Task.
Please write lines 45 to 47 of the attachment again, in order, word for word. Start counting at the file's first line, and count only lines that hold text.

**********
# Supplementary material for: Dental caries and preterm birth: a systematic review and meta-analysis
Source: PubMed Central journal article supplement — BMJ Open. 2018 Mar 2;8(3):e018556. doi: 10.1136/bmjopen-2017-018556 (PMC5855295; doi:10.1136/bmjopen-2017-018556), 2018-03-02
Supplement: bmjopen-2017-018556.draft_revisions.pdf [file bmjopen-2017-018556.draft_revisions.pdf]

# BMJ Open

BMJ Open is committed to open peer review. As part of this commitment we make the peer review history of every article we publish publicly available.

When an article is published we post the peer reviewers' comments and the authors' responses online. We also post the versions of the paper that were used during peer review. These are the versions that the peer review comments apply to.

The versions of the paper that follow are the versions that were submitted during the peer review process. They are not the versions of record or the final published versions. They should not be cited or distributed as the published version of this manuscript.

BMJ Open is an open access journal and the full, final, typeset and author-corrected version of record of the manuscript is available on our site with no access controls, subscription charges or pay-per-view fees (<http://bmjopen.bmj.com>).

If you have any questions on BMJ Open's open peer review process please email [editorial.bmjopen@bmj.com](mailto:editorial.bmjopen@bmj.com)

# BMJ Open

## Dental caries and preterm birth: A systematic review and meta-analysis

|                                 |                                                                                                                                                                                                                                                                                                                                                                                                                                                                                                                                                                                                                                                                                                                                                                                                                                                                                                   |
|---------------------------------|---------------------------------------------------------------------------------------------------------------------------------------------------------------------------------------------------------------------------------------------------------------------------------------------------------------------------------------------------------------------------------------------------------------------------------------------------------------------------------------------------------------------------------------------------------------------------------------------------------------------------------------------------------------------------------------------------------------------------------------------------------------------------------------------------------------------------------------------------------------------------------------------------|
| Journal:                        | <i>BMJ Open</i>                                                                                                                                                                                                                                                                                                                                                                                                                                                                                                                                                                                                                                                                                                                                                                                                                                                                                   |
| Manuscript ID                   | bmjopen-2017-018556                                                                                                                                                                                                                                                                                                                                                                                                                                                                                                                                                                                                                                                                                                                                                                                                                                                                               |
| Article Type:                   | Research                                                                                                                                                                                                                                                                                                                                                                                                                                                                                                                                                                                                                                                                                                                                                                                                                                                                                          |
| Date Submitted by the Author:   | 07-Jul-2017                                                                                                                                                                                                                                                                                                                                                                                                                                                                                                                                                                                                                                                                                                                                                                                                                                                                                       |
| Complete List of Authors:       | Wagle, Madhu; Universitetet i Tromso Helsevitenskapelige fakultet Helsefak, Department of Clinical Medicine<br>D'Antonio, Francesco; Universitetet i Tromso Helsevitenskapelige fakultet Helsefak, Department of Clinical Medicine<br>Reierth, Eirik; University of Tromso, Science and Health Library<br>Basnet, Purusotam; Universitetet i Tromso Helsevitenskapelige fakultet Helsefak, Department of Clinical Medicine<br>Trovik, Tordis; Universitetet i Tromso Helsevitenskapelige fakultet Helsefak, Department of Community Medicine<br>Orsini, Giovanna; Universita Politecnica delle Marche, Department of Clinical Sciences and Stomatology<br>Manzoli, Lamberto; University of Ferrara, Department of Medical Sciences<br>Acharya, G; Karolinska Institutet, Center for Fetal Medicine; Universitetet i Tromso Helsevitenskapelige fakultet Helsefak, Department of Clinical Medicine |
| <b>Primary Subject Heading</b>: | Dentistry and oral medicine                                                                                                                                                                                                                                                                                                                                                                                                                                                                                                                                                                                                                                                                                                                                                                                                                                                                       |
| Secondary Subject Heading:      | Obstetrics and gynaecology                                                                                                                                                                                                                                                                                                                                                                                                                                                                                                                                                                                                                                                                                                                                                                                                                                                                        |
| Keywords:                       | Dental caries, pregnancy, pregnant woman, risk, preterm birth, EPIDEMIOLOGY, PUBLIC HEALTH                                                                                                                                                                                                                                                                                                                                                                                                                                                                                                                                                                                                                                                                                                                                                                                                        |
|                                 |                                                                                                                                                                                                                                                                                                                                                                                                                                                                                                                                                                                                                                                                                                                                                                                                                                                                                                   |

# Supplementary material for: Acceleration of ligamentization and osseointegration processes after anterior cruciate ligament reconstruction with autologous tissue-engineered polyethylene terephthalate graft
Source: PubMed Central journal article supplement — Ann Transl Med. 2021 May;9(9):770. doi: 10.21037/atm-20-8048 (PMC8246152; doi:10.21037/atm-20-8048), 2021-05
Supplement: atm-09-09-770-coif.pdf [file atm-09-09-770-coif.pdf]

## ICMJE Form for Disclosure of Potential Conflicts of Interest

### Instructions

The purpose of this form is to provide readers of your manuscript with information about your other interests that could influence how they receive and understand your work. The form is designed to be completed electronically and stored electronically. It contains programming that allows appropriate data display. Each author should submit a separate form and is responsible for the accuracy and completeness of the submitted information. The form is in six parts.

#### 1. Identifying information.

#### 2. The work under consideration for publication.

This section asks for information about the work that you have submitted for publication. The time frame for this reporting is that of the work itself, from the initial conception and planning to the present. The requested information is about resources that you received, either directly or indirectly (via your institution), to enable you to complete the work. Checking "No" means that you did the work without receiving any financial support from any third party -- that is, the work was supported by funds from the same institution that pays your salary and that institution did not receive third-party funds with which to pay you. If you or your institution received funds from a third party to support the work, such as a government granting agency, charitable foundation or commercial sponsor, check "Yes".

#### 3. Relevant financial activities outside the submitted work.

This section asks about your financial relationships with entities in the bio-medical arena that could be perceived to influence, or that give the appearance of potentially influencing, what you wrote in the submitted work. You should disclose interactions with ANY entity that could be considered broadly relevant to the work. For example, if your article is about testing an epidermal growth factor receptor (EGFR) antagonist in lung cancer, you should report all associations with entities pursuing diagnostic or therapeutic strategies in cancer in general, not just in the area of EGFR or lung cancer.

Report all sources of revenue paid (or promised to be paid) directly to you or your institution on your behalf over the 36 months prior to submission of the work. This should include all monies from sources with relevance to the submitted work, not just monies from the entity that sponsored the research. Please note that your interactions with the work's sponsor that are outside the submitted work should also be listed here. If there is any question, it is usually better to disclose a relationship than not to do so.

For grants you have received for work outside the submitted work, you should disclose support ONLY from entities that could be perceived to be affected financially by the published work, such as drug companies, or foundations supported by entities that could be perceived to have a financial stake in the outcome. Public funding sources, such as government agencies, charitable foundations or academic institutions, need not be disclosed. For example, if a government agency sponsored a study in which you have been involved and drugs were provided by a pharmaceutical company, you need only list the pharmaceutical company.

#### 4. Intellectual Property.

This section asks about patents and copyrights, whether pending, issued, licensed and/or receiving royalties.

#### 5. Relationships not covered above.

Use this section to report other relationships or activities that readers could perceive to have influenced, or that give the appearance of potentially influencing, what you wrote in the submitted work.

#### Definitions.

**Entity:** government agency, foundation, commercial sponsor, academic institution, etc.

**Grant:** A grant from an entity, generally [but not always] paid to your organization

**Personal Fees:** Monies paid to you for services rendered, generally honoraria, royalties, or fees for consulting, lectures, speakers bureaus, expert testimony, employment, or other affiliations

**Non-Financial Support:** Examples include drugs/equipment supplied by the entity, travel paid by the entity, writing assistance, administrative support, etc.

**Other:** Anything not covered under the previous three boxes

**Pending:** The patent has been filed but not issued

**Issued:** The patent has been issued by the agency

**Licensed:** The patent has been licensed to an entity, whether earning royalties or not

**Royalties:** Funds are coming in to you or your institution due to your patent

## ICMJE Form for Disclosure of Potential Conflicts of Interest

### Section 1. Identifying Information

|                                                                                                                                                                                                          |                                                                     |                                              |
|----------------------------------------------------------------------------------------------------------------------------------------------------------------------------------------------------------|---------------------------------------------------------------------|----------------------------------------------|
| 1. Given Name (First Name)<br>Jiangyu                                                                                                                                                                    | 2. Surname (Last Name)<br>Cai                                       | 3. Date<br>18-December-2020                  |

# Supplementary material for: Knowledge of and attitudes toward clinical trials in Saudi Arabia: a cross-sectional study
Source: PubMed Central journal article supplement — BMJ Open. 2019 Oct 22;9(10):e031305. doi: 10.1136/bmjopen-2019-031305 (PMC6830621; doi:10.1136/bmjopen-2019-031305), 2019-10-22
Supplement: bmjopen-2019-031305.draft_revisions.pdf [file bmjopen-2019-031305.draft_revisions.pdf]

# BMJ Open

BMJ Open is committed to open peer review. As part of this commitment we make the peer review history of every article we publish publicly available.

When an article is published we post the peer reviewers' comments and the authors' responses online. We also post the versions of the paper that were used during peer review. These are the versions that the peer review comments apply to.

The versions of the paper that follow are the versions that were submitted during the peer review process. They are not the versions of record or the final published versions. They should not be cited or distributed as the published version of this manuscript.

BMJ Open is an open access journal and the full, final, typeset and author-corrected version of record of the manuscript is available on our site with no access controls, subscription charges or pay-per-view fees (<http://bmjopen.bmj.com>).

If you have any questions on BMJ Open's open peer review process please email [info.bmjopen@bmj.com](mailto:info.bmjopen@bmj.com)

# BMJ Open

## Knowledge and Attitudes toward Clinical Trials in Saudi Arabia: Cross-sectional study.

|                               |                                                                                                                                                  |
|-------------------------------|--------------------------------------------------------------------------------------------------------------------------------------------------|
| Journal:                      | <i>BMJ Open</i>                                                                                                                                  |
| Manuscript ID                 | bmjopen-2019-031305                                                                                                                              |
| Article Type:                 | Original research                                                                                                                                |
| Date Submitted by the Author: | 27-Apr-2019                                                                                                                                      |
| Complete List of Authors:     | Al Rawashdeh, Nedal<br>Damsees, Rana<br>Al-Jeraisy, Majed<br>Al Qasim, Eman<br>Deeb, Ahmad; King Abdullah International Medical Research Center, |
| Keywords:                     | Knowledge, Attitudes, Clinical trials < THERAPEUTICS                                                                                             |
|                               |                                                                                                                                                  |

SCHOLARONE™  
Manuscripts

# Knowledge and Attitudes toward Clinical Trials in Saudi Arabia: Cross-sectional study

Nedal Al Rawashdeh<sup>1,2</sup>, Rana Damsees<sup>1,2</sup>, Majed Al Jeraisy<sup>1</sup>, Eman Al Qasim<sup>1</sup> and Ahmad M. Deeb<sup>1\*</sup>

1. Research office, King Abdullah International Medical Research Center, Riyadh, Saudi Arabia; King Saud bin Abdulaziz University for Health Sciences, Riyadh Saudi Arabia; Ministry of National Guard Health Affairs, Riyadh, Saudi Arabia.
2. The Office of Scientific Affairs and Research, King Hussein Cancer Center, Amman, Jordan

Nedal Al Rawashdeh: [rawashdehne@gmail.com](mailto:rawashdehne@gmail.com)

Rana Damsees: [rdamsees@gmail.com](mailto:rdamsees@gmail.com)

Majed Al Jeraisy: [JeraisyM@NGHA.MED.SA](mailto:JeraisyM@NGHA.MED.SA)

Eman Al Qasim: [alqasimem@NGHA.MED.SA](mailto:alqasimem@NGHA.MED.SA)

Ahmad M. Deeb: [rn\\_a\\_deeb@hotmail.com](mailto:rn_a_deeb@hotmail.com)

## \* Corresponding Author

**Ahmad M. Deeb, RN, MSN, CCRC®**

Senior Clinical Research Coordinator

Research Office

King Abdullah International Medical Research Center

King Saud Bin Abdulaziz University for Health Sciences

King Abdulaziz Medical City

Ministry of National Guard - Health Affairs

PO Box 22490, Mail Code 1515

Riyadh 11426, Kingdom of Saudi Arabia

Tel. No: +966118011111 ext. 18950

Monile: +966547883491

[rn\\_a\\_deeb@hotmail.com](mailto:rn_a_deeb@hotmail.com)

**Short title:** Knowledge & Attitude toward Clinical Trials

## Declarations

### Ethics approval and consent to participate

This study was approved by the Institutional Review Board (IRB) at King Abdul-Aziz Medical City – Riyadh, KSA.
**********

**Other:** Anything not covered under the previous three boxes

**Pending:** The patent has been filed but not issued

**Issued:** The patent has been issued by the agency